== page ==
Background

New Brunswick Workplace Health, Safety and Compensation Commission (WHSCC)

General

The WHSCC is responsible for the administration of the Workplace Health, Safety and Compensation Commission Act, the Workers' Compensation Act, the Occupational Health and Safety Act and corresponding regulations.

The affairs of the WHSCC are administered by a Board of Directors, comprising a part-time Chairperson, full-time President and Chief Executive Officer, full-time Chairperson of the Appeals Tribunal, one part-time member representing the interests of the general public, and a minimum of six additional part-time members, equally representative of workers and employers.

The responsibilities of the Board of Directors span several areas. Board members are mandated to advance the principle that every worker is entitled to a safe and healthy work environment; promote an understanding of, acceptance of, and compliance with the laws relating to the Workplace Health, Safety and Compensation Commission, and develop and conduct educational programs.

By legislation ( WHSCC Act , s.7) the WHSCC Board has the specific responsibility to:

(a)

Undertake research on matters related to workers' health, safety and compensation;

(b)

Advise the Minister on developments in the field of workers' health, safety and compensation principles in other jurisdictions;

(c)

Propose legislation, policies and practices to promote workers' health, safety and compensation; and,

(d)

Recommend changes in this Act, the Workers' Compensation Act, the Occupational Health and Safety Act, and the regulations, in order to promote better service by the commission.

The WHSCC administers no-fault workplace accident and disability insurance for employers and workers, funded solely through assessments on employers. In providing this insurance coverage, the WHSCC is required by legislation to maintain a fully-funded program, so benefits promised to injured workers are secure going into the future.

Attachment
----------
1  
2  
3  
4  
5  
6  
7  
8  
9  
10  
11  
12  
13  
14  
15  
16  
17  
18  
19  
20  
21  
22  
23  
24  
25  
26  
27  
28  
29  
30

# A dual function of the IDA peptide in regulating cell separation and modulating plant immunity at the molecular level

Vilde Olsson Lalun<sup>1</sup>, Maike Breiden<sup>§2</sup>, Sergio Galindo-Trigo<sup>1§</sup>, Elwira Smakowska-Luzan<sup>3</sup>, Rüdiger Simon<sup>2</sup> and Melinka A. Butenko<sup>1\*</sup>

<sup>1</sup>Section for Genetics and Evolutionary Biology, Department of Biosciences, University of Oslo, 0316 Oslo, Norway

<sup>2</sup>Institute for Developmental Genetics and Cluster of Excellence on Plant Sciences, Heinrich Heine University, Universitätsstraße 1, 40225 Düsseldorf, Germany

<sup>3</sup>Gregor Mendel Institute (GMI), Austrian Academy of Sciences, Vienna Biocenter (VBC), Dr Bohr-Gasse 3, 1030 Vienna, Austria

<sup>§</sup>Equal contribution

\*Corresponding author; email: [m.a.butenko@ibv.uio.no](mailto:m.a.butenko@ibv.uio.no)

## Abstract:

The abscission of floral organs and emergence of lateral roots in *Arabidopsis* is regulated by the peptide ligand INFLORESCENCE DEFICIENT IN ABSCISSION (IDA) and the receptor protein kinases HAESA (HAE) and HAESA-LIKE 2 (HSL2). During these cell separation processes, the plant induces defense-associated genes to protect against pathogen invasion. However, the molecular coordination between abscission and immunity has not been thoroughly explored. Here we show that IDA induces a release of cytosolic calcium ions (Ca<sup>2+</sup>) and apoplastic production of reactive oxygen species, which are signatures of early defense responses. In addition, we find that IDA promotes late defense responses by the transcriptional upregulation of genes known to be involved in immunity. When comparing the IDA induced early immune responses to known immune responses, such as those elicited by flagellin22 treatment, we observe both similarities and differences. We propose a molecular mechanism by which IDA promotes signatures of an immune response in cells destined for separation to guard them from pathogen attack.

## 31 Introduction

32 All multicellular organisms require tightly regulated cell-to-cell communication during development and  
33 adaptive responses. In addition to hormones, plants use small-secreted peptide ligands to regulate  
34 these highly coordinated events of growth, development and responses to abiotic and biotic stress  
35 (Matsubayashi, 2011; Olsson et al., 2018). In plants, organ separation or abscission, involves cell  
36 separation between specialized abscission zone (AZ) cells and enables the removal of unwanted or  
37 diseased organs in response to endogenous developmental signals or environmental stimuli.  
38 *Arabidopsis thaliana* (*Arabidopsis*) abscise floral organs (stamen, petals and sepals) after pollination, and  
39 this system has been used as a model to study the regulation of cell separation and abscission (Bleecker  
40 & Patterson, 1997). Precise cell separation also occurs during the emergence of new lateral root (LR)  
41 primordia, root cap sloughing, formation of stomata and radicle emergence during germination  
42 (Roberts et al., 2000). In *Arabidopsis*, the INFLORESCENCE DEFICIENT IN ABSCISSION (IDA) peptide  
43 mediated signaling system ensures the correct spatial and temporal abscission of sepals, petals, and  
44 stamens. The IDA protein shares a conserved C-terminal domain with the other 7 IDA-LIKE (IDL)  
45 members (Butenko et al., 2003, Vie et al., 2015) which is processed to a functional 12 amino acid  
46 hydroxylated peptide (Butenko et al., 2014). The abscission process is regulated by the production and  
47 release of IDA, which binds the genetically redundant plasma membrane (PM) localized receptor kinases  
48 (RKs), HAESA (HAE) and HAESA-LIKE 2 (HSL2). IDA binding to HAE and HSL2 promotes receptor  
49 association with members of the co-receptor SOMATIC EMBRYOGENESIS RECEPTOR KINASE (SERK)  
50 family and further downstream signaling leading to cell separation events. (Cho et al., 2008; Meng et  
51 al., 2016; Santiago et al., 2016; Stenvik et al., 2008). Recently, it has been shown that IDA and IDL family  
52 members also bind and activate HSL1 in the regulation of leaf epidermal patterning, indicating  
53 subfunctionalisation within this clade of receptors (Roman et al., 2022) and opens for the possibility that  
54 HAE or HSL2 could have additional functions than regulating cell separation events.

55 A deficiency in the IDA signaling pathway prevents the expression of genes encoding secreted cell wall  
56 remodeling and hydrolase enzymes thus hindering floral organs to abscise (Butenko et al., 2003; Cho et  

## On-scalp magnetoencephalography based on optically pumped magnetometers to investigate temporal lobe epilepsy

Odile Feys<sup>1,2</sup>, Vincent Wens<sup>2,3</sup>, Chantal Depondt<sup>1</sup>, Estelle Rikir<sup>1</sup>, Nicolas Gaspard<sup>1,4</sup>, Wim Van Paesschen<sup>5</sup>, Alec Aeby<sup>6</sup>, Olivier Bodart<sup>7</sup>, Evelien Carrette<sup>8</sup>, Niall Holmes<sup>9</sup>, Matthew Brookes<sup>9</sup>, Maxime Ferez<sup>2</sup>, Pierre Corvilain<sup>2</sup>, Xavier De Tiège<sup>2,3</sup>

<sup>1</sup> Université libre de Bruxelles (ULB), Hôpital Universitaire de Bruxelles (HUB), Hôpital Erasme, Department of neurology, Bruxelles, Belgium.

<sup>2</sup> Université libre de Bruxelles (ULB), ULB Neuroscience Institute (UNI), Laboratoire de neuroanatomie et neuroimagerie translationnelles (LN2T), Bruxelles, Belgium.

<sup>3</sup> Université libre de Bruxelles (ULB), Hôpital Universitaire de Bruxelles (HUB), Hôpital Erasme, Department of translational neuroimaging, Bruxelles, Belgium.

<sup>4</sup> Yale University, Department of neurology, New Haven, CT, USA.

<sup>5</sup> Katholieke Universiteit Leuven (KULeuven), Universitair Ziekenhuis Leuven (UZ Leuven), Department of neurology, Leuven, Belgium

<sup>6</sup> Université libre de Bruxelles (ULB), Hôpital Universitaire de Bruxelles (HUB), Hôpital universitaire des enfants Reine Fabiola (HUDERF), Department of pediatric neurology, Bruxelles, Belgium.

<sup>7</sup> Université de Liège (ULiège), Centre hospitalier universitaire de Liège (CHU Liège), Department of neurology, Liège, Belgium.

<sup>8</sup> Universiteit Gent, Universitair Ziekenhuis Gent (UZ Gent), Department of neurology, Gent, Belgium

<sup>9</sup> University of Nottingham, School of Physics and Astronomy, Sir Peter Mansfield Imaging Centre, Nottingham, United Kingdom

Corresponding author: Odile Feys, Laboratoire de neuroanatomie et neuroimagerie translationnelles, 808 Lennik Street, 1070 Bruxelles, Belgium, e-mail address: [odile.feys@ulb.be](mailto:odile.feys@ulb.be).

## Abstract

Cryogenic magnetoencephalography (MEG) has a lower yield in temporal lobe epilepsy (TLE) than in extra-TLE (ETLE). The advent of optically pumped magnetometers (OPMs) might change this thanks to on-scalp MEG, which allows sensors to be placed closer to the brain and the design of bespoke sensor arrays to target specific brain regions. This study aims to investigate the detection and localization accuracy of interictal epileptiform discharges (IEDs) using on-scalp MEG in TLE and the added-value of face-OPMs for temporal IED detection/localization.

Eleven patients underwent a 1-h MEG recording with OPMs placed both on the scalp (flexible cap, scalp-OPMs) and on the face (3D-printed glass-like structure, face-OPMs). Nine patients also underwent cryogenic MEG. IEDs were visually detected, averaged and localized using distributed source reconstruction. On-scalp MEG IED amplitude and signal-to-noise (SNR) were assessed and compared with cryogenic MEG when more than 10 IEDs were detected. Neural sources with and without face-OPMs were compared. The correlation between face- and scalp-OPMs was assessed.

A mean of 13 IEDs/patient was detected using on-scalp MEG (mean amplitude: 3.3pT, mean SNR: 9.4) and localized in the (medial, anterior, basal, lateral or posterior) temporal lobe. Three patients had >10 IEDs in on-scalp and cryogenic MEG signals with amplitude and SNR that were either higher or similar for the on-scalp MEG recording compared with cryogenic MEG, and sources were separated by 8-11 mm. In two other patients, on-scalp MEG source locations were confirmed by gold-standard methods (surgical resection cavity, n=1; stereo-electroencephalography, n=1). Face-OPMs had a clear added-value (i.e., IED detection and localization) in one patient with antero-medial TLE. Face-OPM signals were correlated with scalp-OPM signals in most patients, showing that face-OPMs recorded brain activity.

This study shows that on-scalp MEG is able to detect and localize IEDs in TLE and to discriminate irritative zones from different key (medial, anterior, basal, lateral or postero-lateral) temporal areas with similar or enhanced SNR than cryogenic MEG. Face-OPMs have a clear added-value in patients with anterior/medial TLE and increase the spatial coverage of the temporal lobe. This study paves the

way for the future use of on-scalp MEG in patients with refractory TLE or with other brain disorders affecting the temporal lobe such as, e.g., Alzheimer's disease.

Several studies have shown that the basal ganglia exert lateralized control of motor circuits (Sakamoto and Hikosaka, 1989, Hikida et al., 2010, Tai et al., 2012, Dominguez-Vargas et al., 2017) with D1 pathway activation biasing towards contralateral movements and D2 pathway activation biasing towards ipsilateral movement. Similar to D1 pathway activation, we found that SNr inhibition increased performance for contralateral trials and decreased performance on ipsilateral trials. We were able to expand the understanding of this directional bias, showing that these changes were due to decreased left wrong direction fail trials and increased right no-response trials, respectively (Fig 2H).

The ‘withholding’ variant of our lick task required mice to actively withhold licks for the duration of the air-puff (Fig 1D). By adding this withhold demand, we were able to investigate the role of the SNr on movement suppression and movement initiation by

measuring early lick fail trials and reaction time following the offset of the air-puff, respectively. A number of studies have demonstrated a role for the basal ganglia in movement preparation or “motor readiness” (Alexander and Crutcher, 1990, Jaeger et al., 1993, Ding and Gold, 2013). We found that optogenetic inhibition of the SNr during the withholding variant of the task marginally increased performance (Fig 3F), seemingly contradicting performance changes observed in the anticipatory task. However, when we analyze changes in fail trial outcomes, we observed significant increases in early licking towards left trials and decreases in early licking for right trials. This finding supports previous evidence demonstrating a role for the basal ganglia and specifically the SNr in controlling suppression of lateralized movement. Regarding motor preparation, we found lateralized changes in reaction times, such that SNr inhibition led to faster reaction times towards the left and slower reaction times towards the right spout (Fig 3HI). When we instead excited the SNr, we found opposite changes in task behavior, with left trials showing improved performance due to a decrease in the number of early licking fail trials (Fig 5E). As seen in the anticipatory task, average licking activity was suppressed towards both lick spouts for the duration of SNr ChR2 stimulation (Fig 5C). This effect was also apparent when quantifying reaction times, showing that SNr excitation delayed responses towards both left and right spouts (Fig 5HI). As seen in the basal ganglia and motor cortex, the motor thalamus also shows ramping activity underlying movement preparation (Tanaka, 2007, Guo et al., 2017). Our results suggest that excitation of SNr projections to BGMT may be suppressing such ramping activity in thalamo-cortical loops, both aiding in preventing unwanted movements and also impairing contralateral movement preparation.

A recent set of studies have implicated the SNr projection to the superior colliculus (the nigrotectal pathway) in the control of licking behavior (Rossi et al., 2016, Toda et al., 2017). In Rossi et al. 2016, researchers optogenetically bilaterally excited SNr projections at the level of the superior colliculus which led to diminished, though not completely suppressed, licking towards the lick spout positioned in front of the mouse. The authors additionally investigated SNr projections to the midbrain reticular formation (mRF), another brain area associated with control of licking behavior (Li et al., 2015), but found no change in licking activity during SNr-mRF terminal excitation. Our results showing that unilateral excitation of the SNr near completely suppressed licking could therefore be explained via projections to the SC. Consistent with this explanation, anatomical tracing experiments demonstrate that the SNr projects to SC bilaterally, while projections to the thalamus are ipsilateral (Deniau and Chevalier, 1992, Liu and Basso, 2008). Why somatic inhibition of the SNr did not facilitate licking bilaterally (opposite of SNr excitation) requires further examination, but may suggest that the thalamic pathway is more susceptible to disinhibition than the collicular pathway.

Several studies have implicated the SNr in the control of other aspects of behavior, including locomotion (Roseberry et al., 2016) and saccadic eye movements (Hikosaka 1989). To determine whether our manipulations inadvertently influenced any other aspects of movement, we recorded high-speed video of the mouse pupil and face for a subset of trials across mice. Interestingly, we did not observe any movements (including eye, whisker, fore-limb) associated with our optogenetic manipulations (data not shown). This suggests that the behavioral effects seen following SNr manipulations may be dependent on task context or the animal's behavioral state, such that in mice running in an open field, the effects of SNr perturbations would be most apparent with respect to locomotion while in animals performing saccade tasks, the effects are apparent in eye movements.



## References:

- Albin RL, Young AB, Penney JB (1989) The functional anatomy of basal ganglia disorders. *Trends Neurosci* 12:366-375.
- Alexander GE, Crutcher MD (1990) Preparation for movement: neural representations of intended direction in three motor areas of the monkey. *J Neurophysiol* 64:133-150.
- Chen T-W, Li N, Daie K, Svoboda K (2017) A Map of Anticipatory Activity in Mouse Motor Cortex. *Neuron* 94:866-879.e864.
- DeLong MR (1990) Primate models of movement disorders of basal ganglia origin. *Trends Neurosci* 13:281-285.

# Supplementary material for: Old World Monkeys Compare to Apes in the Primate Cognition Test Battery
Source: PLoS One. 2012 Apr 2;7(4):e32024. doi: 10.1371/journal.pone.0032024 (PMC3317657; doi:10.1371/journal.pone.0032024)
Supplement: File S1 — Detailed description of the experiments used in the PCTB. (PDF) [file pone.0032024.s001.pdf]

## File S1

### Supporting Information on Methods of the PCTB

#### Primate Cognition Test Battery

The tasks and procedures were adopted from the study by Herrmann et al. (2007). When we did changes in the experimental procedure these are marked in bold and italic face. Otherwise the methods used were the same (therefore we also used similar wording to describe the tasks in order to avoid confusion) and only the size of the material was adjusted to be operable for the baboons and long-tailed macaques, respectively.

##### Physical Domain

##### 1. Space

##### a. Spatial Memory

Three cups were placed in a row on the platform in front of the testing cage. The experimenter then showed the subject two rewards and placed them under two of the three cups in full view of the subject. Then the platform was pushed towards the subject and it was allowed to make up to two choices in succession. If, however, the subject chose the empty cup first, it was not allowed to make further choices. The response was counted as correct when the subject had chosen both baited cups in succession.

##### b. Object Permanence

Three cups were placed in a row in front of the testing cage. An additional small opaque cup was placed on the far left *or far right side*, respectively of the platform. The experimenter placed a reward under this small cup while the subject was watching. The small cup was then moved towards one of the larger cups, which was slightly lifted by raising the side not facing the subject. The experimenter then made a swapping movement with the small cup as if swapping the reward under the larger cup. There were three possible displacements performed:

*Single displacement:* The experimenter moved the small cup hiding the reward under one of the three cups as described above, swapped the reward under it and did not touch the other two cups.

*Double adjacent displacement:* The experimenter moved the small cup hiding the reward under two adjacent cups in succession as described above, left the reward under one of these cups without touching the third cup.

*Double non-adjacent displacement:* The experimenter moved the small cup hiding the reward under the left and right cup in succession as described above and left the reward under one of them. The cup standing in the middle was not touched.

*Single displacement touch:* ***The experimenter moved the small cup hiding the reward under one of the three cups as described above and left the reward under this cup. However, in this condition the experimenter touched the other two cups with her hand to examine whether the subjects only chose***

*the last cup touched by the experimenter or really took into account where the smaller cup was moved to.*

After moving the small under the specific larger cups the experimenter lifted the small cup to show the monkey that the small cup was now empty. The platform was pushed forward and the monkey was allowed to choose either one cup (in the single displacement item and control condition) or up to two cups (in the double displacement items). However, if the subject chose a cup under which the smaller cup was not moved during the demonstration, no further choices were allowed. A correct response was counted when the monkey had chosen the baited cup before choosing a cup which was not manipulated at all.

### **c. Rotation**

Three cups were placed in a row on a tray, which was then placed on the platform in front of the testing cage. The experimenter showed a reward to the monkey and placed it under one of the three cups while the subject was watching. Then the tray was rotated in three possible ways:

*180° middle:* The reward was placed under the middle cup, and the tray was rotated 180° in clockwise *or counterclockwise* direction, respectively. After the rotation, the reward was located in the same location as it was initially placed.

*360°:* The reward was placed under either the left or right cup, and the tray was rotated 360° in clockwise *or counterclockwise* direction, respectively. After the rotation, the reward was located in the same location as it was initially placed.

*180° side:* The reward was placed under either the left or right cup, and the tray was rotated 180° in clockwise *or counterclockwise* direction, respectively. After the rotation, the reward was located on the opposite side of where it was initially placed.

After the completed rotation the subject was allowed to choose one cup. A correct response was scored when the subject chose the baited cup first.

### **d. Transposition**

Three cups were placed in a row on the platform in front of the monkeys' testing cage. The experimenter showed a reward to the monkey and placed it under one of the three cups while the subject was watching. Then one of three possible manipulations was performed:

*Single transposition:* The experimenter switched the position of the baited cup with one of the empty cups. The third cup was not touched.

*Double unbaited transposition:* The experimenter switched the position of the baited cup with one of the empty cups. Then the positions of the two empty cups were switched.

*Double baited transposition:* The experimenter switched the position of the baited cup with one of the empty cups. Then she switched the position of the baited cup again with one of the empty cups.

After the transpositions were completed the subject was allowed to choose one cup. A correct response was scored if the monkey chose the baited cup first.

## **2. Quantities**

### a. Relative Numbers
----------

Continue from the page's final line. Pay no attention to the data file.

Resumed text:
Recent History of the Workplace Health, Safety and Compensation, including legislative change

In the 1970s and 80s, all Canadian Workers' Compensation systems and most in the United States underwent a fundamental change from awarding benefits according to a schedule for the loss of a body part or function, to a wage-loss insurance system.

It was a difficult transition, primarily due to the complexity of projecting appropriate assessment levels for employers. Most jurisdictions seriously underestimated the cost of benefits and slipped into an unfunded position very quickly. New Brunswick was no exception. The New Brunswick wage-loss system was introduced in 1982 and by 1985 the system had an unfunded liability of $50 million. In 1990, the projected unfunded liability for 1992 was in excess of $100 million.

To address this crisis, a joint labour-management committee was established to make recommendations on how to save the system from inevitable collapse. The underlying principal of the reforms proposed by the committee was that an injured worker should not receive more earnings while on claim, than while working.

In summary, the 1993 reforms included:

  • Reducing wage recovery from 90% of average net earnings, to 80%;
  • Disallowing employers to “top up” compensation benefits; and,
  • Introducing a three-day waiting period for benefits (reimbursable after 30 days on claim)

In 1996, the Workplace Health, Safety and Compensation Commission established a second joint committee, comprising labour and management representatives, to “examine the service benefits and assessment issues facing the Commission as it approaches fiscal stability .” After meeting with interested groups throughout the province, the Committee made recommendations to the Workplace Health, Safety and Compensation Commission with respect to “strategic solutions and direction.”

In summary, the 1998 reforms included:

  • Increasing wage recovery from 80% of average net earnings, to 85%;
  • Removing the three-day wait when an injured worker is hospitalized and where the injury is recurrent; and,
  • Reimbursing the three-day wait after 20 days on claim, rather than 30.

Since 2003, additional changes to the Workers' Compensation Act have been implemented, including:

  • Expansion of “right to refuse” unsafe work;
  • Updated first aid requirements at workplaces, and
  • Mandatory training for members of joint health and safety committees.

Conclusion 

Recognizing the 25 years of ongoing reform to the New Brunswick workers' compensation system, and reforms brought forward to compensation systems across Canada and internationally, the government has called for an independent and comprehensive review of the Workplace Health, Safety and Compensation System by a three-member panel. The Review Panel will determine how well the current system compares to the workers' compensation systems across Canada and identify key considerations for the future.


Independent Review Panel
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